World Humanitarian Day takes place every year on 19th August to recognise aid workers who risk their lives every day in adverse situations to help people most in need. It commemorates the 2003 bombing of the United Nations Headquarters in Baghdad, Iraq, which killed 22 people. It provides an opportunity to recognise the efforts of humanitarian workers all around the globe who work tirelessly every single day, and the commemoration also pays tribute to those who have fallen while helping people in need.
Last year, the #NotATarget campaign saw world leaders, humanitarian workers and the public banding together to advocate for better protection of civilians and humanitarian workers in conflict zones. This year, building on the momentum of the 2017 campaign, the United Nations Office for the Coordination of Humanitarian Affairs (UN OCHA) and creative partners have designed another global digital campaign. Images of people’s faces, names, and locations will be projected onto screens and sculptures, forming a “living petition”. These superimposed faces will address the public and world leaders at the UN General Assembly, thereby giving a voice to civilians caught up in conflict. Through the act of bearing witness, the campaign hopes to push policy and decision makers to action.
However, violence against the humanitarian community has not abated. Just recently, a UN Children’s Fund (UNICEF) driver was killed while he was transporting education supplies in South Sudan. Unknown gunmen had fired on his convoy, even though the vehicles were clearly marked with the UNICEF logo. What is worrisome is that this is far from an isolated event; despite awareness-raising campaigns such as #NotATarget, an alarming number of humanitarian workers are still the targets of attacks and threats while in the field. Data from Insecurity Insight indicates that between July 2017 and March 2018, 330 aid workers were killed, injured, kidnapped or assaulted. This figure only represents reported cases and does not even take into account undocumented incidents.
Much more needs to be done by the international community to move beyond rhetoric. Consensus on the issue has not automatically translated into action. Perpetrators of attacks on humanitarian workers frequently go unpunished. This is because humanitarian organisations are often not in the position to invoke accountability and justice mechanisms. There is also the issue of the burden of proof. Attacks tend to be conducted by unknown assailants in remote and isolated areas. This makes it difficult to ascribe blame and identify the offenders. The truth is, if these transgressions go unchallenged, belligerent parties will continue to act with impunity. The onus is therefore on the international community to challenge this impunity and demonstrate a resolve to hold these parties accountable.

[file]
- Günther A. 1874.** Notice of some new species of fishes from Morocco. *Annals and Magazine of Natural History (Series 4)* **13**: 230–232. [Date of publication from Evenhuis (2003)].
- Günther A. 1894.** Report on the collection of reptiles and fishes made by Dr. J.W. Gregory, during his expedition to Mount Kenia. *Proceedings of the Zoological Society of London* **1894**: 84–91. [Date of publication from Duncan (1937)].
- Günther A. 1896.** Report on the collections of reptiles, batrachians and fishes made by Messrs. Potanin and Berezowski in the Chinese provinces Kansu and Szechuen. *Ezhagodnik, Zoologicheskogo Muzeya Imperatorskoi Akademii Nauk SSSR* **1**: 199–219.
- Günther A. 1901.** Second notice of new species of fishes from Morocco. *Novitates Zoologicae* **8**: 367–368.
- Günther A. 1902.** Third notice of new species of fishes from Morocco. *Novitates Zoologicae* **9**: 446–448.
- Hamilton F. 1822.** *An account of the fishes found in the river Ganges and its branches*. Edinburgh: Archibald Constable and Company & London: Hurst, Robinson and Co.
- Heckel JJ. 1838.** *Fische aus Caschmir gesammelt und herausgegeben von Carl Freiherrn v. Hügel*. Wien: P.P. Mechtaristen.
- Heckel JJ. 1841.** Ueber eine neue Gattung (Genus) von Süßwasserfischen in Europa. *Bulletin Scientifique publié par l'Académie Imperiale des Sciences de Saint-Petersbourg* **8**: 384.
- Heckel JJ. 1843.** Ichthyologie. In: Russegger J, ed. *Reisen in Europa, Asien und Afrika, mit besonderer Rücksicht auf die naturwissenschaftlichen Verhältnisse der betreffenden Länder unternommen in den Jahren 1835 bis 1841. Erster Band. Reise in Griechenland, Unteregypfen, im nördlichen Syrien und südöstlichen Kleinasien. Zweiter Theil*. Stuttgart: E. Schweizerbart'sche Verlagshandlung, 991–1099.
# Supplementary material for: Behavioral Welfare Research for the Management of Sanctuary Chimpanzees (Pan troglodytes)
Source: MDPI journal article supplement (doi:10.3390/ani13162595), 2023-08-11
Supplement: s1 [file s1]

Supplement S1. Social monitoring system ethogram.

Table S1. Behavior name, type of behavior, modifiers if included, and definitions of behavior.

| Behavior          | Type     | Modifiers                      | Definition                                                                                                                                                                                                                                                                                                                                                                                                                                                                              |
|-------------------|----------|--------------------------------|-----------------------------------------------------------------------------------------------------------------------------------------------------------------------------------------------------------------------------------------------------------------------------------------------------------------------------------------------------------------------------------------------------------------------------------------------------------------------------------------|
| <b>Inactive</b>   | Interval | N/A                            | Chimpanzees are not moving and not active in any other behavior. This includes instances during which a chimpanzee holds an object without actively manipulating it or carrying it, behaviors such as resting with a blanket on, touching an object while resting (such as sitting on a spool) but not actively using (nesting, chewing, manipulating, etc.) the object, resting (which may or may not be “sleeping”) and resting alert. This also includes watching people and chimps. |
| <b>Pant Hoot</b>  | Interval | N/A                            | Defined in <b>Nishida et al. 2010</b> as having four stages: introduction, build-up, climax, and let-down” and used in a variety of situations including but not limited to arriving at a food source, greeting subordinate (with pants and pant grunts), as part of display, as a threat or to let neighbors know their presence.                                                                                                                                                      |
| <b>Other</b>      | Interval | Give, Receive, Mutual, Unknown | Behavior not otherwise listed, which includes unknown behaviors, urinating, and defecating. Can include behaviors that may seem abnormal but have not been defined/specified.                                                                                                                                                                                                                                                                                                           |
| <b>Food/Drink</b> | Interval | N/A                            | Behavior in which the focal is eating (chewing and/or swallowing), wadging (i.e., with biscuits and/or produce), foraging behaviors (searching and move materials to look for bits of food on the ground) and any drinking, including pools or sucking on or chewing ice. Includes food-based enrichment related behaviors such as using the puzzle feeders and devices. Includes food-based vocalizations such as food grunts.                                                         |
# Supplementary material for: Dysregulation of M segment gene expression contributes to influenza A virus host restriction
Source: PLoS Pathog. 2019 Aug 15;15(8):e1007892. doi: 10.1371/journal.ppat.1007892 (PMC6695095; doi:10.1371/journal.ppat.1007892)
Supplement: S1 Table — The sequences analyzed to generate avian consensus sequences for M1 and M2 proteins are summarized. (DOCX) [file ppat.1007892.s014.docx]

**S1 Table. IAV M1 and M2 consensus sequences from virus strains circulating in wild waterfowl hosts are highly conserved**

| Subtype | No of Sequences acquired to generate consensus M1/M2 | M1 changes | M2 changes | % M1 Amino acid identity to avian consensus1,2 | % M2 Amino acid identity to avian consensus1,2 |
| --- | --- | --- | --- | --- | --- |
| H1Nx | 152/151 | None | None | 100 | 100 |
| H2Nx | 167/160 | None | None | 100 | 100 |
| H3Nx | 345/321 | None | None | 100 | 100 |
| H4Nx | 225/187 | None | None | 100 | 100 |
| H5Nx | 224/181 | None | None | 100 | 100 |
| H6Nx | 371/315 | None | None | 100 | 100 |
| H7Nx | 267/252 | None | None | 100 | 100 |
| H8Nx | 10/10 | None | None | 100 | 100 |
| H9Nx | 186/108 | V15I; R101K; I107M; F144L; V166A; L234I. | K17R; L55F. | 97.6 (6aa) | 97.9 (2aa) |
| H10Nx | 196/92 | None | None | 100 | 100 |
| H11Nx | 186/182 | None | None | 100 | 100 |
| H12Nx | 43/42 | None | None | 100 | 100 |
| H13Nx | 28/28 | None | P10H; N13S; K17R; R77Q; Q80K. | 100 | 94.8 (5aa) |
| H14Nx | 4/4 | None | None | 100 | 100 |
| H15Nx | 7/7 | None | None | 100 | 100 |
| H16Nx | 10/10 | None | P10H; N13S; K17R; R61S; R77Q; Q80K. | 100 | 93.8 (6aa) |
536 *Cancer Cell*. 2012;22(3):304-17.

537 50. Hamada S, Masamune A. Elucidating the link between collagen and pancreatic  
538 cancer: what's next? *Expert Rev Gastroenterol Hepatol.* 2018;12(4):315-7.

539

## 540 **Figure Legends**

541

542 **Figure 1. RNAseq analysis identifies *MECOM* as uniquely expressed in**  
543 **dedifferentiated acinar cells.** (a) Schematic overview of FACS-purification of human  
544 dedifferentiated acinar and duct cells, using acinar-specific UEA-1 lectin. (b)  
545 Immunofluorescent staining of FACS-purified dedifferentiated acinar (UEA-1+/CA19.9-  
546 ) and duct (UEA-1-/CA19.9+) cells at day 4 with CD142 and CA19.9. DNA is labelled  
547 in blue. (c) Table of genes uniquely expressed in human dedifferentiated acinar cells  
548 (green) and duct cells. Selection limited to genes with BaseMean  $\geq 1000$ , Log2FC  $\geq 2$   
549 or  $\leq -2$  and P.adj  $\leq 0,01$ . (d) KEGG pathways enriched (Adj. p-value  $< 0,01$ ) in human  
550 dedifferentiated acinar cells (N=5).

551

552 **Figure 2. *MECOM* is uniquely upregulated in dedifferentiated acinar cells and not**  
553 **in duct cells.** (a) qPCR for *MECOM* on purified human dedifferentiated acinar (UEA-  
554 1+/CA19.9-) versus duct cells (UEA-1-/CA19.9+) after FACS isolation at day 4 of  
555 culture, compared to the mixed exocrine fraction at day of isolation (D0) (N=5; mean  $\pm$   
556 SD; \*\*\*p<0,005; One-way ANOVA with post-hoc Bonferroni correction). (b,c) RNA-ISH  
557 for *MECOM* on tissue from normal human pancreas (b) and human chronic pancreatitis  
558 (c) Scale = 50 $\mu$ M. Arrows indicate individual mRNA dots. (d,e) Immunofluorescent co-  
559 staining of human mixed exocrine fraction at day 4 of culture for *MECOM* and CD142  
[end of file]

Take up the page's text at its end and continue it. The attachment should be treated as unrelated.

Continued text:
Targeted attacks on aid workers pose an operational dilemma for humanitarian organisations; they must balance between the desire to provide aid for vulnerable populations, and the need to ensure the safety, security and well-being of their staff. This jeopardises and complicates the delivery of assistance to those in need. The UN, international organisations like the ICRC, and states need to work together to enforce the rule of law. Tangible action must complement the normative push towards the ending of violence against aid workers. The international community as a whole should call on parties to the conflict to uphold their obligations under international humanitarian law, take tough punitive action on wrongdoers, and invest in technology that allows for the documentation and preservation of evidence. All these measures go a long way in deterring potential perpetrators from committing acts of violence against humanitarian actors. Insecurity should not be the new “normal” for humanitarian action.